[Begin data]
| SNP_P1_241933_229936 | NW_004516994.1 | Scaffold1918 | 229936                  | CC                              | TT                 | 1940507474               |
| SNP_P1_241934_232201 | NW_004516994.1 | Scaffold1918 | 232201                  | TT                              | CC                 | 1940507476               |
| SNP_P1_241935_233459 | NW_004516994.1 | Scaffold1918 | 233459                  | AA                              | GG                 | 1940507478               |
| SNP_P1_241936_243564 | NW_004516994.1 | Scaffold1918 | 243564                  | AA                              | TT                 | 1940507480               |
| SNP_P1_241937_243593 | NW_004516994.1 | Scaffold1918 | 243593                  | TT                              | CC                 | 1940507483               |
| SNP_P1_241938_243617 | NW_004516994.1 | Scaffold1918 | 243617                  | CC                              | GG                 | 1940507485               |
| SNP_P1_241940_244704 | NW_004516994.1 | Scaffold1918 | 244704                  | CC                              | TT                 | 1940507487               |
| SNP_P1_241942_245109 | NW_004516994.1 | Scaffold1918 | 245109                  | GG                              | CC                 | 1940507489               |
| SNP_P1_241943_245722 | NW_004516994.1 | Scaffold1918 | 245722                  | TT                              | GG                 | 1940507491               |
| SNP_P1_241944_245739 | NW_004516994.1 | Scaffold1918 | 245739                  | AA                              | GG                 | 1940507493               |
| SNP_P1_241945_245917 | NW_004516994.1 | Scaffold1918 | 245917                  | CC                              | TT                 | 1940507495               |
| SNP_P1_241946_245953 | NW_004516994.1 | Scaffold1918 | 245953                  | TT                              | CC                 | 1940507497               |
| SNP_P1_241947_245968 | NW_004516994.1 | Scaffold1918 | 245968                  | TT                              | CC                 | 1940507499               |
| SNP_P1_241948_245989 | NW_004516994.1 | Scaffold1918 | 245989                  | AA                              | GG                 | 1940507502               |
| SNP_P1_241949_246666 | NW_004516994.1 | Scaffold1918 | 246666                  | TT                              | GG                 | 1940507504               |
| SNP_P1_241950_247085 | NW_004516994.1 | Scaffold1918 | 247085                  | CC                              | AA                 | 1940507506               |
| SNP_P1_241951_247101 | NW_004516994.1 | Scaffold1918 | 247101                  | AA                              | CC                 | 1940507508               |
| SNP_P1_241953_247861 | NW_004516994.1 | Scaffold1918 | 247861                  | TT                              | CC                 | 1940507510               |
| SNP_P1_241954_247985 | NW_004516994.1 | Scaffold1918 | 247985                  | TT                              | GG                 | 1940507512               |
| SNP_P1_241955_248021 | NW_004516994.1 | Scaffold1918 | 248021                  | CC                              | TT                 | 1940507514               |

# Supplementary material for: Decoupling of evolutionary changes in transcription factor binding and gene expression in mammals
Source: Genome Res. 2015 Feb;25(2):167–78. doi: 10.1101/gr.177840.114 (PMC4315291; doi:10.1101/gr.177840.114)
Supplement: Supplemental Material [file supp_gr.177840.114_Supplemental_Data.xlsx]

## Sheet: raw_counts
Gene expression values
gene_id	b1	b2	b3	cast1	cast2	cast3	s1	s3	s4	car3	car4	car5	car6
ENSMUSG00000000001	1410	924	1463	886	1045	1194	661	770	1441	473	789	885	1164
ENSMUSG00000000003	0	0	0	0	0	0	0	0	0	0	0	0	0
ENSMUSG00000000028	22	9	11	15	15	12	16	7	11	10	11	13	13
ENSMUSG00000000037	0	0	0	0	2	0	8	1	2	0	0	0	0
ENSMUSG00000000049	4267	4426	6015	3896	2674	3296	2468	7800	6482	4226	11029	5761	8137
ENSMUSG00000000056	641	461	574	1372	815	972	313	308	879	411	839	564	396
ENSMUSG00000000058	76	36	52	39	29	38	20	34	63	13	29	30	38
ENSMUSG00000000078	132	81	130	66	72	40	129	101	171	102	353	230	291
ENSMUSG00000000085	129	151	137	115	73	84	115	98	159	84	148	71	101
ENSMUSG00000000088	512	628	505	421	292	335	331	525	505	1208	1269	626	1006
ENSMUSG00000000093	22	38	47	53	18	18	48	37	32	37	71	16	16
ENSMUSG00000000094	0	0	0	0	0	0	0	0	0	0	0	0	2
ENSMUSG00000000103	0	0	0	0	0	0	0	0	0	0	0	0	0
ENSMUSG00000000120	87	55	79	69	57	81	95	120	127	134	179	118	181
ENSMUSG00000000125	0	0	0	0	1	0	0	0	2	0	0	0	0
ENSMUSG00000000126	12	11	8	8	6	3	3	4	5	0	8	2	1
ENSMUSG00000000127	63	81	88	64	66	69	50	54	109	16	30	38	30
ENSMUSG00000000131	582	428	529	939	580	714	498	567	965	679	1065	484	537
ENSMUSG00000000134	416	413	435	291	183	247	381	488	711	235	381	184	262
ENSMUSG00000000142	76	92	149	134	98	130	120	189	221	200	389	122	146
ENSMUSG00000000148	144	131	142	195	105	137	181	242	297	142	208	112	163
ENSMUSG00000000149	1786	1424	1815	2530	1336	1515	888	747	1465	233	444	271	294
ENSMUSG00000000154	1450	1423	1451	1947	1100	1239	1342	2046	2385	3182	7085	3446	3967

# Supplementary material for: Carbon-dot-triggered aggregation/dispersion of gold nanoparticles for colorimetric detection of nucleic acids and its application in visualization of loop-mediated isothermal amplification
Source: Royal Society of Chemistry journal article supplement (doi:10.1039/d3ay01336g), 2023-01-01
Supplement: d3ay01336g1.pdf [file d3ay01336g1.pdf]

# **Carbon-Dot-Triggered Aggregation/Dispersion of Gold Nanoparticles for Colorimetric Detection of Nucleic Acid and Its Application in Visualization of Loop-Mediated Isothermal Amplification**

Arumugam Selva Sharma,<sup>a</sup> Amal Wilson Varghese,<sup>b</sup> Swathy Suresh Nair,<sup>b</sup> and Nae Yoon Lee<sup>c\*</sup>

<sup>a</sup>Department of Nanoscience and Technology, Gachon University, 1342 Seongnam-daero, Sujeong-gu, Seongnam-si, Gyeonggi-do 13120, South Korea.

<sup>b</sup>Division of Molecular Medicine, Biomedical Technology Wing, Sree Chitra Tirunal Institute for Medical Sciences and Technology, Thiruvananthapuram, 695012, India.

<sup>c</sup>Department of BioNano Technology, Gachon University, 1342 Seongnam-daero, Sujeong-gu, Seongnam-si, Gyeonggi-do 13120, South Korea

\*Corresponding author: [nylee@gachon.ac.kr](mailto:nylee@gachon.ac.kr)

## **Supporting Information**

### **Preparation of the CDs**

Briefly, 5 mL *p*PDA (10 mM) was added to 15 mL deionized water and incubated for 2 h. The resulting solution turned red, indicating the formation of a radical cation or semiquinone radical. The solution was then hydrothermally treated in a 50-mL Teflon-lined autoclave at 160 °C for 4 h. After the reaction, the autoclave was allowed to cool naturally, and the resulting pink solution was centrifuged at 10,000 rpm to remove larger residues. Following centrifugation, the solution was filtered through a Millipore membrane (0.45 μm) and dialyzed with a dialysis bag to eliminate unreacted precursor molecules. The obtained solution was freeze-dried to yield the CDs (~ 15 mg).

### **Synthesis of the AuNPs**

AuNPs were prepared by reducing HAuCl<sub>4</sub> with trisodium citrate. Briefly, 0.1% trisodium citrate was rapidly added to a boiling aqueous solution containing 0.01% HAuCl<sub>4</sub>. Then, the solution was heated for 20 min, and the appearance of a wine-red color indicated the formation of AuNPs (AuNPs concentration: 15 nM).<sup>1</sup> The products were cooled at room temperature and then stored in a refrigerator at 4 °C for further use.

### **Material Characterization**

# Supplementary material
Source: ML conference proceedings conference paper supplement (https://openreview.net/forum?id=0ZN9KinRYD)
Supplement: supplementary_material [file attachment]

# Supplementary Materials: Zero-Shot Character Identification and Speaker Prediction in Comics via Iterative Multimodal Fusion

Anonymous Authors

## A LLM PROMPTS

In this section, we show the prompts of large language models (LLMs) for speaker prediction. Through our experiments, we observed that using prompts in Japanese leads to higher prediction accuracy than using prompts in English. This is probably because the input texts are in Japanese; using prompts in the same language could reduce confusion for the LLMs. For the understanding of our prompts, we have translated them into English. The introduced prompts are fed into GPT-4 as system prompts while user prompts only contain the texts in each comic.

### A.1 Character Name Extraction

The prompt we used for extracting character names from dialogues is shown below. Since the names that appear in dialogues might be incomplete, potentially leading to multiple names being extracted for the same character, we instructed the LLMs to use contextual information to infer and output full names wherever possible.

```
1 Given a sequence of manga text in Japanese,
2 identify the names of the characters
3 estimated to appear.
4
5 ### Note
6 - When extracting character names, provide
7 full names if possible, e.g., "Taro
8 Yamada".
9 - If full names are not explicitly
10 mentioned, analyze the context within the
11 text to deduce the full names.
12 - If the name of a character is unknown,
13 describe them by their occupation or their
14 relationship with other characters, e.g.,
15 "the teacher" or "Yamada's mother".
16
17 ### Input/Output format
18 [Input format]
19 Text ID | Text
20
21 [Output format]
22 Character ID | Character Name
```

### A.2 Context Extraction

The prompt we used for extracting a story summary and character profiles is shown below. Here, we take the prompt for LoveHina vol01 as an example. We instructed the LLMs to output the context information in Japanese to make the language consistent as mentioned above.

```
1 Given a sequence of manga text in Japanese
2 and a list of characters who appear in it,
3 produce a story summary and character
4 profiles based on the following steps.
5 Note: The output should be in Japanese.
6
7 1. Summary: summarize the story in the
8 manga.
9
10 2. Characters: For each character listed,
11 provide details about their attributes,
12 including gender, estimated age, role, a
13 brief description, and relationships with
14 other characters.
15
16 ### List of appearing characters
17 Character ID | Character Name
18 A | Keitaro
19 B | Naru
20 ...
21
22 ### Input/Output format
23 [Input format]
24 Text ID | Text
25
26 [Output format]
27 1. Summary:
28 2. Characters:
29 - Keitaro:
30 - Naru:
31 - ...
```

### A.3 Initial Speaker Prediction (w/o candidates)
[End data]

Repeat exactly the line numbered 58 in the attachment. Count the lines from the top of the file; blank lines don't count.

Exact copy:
\*Corresponding author: [nylee@gachon.ac.kr](mailto:nylee@gachon.ac.kr)